“It was a huge mistake but would I change it now if I could? I don’t know. I would probably want to find a way to fix that but I’ve heard so many times that people love it the way it is. The record has become a classic intro. A lot of people argue that it’s one of the best intros ever. When the people have spoken, sometimes you can’t mess with that. You’ve got to let it be what it is.”

+14   

 4 weeks ago '05        #11
sukafr33  94 heat pts94
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Damn where’s that I Really Mean It alternate version at?

I wanted to heard how I’m Ready came about
+3   

 4 weeks ago '14        #12
Bill Wallace  topics gone triple plat - Number 1 spot x1 OP
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Busta Rhymes “Everybody Rise Again”




Just Blaze: “There were definitely bangers on Genesis, but overall I think Busta was trying to figure out his next move. It was his first album away from Sylvia Rhone and the Warner Bros. system in general, and he was acting a lot at the time. He was trying to get re-situated. ‘Everybody Rise Again’ was my favorite track.”

“I liked it from a musical standpoint. The chords that I played on there were very dark and classical sounding, but the drums were knocking. We mixed that in Vancouver, and I remember never being happy with the mix.”

“He was working on a movie at the time in Canada. It might have been that Halloween movie. He was shooting that, still recording, and working on mixing the album at the same time. I wasn’t really familiar with that room.”

“Part of getting a good mix is knowing the room you’re in, and I didn’t know that room well. The drums definitely didn’t knock the way I wanted them to, but I love that beat regardless. That’s definitely one of my personal favorites.”




Jadakiss f/ Eve, Sheek & Styles P "It's Time I See You"




Just Blaze: “I was hot at the time, and Jadakiss wanted a beat from me. It was crazy because [the Ruff Ryders] had beef with Roc-A-Fella. Some of the shots on that record I think are directed at Roc-A-Fella.”

“It’s a little blurry now, but at the time there was tension between the two camps. Jay and X were obviously cool back in the day, so I don’t really know what the issue was. Oh! It was between Beans and Jadakiss. That’s what it was. I forgot about that.”

“Obviously, that’s long squashed, but I gave them that beat right before it popped off. By the time the record was done, I had unwittingly given them the record that they were throwing shots at Roc-A-Fella on. They were subliminal though, so I don’t think anybody was paying attention that closely.”

“I was never really happy with that record when it came out. If I had that beat and that sample now, I would destroy it. Back then, I was still figuring things out. Even though it was cool, it would’ve been that much cooler if I had gotten another crack at it a year later. For that time, I thought it was hot. It was a standout record on the album, that’s for sure.”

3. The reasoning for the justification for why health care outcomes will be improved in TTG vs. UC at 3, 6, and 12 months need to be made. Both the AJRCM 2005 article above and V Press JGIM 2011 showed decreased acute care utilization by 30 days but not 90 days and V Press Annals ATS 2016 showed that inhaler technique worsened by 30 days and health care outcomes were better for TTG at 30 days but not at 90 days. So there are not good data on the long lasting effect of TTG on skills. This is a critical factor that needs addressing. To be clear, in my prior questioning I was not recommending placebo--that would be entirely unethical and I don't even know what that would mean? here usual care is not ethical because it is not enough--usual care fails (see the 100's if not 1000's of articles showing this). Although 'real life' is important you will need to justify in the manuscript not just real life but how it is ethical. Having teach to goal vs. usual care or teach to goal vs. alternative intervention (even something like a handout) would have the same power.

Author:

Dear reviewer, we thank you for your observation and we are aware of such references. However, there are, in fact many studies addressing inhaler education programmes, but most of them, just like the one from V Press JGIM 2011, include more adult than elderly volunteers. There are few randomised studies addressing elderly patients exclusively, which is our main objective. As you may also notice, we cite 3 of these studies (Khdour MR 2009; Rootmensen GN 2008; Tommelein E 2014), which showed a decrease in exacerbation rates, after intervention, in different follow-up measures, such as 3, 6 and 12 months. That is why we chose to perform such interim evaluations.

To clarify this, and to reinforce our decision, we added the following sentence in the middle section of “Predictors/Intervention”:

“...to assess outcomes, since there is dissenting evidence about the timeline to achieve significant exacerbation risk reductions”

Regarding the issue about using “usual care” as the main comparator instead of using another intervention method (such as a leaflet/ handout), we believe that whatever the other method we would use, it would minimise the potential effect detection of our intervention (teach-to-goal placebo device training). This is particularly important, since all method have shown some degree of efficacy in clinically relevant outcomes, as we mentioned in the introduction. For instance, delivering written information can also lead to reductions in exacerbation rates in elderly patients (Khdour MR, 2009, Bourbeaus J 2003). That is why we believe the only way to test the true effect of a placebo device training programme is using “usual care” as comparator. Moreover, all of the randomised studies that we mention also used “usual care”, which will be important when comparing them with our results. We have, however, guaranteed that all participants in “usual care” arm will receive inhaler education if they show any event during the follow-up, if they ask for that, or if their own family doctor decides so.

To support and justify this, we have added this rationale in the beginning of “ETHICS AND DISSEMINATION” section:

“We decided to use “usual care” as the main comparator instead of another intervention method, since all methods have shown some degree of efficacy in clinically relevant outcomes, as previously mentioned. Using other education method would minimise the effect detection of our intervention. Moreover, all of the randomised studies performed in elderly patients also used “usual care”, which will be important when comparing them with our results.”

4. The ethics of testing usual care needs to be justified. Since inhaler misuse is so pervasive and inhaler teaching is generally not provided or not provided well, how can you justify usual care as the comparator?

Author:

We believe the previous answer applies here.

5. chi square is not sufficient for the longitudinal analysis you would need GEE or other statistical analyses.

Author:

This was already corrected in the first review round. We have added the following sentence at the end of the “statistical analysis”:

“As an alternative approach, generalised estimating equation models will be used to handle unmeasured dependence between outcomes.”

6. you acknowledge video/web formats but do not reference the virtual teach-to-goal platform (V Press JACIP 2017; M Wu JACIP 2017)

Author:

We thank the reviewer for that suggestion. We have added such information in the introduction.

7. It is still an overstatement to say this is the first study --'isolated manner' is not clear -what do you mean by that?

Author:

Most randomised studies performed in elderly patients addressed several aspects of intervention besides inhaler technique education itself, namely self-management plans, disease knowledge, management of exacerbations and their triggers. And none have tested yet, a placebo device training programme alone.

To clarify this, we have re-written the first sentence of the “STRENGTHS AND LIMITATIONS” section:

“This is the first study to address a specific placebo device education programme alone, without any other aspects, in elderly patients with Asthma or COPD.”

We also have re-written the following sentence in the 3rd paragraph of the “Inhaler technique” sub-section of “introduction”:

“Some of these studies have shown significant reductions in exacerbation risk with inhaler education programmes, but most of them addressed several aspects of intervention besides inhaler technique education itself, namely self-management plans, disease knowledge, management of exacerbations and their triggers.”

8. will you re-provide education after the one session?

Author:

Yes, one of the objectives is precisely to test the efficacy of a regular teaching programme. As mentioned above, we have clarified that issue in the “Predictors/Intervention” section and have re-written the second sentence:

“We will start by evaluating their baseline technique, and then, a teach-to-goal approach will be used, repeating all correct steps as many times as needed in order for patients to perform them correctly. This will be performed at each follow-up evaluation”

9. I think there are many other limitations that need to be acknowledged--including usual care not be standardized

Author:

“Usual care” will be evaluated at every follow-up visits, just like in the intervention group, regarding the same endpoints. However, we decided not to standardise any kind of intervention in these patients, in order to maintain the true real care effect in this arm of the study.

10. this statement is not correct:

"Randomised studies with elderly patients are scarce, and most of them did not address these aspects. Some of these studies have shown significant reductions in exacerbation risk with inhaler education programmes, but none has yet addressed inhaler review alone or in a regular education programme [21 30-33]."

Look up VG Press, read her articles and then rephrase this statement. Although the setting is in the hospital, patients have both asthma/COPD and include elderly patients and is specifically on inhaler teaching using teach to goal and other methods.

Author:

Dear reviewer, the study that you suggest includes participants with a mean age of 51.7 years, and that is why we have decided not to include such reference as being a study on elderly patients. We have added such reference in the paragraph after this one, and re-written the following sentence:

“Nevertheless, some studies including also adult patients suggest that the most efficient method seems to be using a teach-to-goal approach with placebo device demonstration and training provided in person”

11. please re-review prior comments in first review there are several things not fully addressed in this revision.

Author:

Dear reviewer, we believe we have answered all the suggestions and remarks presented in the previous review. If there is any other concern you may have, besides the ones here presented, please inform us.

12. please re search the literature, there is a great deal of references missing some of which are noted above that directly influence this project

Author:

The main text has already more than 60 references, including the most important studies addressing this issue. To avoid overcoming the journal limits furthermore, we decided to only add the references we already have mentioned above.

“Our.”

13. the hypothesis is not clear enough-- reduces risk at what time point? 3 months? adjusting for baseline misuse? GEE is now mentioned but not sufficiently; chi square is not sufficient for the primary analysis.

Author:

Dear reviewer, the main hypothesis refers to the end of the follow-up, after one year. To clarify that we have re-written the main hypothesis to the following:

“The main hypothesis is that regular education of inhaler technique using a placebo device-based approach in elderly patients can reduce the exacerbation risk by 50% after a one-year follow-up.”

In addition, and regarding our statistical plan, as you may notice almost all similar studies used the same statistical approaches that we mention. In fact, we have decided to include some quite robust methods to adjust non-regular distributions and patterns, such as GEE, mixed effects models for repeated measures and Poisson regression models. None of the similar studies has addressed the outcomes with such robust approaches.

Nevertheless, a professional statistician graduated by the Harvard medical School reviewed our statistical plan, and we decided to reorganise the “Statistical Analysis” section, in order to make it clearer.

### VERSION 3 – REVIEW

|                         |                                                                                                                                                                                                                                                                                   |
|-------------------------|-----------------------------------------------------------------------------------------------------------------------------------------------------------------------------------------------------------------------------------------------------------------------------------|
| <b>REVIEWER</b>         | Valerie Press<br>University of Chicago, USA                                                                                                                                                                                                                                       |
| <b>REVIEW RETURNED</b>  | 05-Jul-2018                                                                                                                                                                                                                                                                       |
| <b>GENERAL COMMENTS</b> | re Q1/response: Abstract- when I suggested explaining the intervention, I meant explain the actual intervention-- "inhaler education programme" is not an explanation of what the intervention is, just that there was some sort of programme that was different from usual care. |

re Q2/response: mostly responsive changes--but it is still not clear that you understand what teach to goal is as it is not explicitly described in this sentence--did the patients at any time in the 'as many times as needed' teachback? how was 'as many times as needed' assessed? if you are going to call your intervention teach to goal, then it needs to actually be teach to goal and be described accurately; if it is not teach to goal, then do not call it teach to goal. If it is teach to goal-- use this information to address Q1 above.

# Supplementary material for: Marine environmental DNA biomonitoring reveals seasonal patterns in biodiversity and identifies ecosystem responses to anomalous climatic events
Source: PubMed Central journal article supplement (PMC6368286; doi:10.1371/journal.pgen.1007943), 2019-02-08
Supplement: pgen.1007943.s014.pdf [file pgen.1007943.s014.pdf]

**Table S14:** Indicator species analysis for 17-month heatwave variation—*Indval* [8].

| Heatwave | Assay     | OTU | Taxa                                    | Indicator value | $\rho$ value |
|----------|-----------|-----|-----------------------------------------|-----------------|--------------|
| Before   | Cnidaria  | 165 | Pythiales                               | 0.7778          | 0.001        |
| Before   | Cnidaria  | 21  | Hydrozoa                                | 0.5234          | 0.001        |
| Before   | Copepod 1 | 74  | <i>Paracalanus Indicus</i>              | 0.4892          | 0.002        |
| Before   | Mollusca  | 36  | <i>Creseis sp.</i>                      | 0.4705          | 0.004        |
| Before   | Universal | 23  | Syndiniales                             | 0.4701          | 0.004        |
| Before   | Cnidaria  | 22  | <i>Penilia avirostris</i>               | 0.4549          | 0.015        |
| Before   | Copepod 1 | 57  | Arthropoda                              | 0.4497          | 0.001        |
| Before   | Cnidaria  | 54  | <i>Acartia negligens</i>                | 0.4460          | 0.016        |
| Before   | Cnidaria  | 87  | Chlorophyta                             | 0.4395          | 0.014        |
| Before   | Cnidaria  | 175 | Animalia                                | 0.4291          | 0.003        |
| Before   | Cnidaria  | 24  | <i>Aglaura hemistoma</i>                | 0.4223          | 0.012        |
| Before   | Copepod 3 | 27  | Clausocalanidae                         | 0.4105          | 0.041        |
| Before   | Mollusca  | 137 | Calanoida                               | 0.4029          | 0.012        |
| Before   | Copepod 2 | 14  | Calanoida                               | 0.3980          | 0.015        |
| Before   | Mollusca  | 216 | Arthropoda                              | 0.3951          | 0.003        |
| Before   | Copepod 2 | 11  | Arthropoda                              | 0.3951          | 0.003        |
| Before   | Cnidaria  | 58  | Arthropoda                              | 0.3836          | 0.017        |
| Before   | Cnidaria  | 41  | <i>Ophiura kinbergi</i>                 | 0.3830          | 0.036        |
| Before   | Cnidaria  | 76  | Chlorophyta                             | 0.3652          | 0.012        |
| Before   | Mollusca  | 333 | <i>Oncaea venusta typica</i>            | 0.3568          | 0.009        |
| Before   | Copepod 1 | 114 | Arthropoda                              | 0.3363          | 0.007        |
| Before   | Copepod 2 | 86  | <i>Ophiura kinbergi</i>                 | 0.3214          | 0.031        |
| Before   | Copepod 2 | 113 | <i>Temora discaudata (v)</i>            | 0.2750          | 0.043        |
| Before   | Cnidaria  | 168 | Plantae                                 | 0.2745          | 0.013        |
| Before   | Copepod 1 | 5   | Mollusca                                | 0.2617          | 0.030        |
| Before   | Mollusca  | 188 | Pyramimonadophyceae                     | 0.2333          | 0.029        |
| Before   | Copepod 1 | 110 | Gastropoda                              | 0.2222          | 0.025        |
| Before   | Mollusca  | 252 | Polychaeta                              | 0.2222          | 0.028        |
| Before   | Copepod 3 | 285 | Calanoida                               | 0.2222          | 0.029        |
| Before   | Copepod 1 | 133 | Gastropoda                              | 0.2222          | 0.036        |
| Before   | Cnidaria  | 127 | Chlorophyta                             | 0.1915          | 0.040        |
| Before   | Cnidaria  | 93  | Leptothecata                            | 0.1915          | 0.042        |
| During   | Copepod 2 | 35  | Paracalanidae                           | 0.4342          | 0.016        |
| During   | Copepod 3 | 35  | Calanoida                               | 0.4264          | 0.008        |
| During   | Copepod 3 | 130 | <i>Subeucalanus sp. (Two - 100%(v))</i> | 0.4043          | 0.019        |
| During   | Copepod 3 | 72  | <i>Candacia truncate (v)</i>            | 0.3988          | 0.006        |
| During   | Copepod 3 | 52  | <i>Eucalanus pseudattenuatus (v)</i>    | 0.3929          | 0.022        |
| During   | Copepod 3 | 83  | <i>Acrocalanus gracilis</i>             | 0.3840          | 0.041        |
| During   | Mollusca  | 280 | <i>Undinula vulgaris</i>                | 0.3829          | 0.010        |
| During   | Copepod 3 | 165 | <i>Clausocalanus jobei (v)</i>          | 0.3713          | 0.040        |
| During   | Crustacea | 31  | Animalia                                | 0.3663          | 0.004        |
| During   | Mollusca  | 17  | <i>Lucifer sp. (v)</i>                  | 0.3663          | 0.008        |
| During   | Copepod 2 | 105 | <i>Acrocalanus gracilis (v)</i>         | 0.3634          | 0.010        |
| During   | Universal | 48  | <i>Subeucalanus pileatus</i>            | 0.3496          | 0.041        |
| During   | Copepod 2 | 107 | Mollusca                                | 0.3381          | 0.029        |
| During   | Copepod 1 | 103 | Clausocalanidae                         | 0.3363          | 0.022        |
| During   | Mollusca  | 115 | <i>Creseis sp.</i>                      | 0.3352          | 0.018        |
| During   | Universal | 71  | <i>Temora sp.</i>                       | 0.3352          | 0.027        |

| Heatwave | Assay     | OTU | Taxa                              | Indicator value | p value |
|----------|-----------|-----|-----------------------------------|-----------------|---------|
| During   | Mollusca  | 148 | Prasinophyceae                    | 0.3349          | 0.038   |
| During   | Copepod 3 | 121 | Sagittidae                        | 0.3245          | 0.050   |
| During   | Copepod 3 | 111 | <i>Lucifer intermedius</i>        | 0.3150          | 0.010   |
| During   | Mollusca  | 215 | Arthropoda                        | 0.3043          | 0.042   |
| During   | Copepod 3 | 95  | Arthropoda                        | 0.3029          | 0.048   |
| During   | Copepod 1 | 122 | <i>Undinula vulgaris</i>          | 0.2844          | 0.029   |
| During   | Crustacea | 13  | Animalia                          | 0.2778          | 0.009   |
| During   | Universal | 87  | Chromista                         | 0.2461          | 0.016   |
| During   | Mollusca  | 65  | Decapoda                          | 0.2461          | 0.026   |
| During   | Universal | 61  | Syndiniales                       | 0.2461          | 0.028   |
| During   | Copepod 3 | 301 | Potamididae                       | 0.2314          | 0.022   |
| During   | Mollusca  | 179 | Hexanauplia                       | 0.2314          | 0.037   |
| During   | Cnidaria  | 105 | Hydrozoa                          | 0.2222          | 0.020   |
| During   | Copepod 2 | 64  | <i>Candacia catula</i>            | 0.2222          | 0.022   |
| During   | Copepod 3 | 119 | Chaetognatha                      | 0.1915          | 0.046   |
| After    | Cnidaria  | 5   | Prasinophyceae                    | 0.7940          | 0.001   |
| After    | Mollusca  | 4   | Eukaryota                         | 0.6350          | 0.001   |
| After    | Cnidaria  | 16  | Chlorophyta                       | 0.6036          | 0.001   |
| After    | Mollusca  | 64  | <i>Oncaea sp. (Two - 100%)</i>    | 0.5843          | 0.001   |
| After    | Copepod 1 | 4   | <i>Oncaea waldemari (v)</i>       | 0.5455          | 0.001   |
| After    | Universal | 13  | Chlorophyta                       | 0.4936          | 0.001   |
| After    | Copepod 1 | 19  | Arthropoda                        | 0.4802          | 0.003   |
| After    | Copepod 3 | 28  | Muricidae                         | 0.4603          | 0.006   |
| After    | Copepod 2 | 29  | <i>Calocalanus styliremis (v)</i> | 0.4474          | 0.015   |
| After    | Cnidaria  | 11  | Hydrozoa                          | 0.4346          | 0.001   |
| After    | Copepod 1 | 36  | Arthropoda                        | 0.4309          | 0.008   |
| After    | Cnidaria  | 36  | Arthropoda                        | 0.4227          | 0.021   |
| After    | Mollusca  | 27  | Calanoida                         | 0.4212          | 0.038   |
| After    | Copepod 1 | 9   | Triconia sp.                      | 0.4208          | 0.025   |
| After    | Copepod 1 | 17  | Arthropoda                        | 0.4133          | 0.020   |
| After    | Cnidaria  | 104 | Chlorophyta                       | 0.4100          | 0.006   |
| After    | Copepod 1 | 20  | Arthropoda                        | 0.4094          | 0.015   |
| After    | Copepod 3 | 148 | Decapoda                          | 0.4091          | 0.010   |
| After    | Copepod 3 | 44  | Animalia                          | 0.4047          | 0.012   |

“We’re all constantly learning, but that particular sound that I eventually became known for—the big horns, the hard drums and the vocal chops, which I eventually mastered—I couldn’t make that record along the way.”

“I gave him the Pro Tools [files] to that beat, and they mixed it without me. So I was never crazy about the mix, but at the end of the day, it is what it is. You liked it, and I know a lot of other people did as well.”



Beanie Sigel “What Your Life Like 2”




Just Blaze: “That’s my favorite song on that album, and maybe my favorite Beanie Sigel song period. It was the second-to-last song on the album. Melodically, I’ve always loved that record. Actually, I’ve started to do it over. I was going to do it over for Marsha Ambrosius for the Late Night Early Mornings album, but we never got to it.”

“It was ironic, because somebody else wrote that record and sent it to her. I was sitting next to her when she got it, and I looked at her and was like, “What?” It’s one of those things where, like Guru says, ‘Rap is an art, you don’t own no loops.’”

“I feel like I own them, even though I don’t. I love that sample so much. I love the musicality of it. I love the harmony, the notes. The sample itself is just a beautiful piece of music, and it’s a disco record too. It’s not a soul record, even though it feels like it. It’s straight up disco.”

“Right after the part that I sampled is played, it goes into the whole disco thing. That’s what hip hop is all about though. It’s about finding that one break in that record that you would never expect to find it in and catching it the right way. So even though I don’t own that sample, I have great affinity towards it. I love it.

“That era is probably the peak of me digging. I was going record shopping four times a week and spending five to six hundred dollars every time. I was probably spending two or three thousand dollars a week on records back then. I did that for God knows how long.”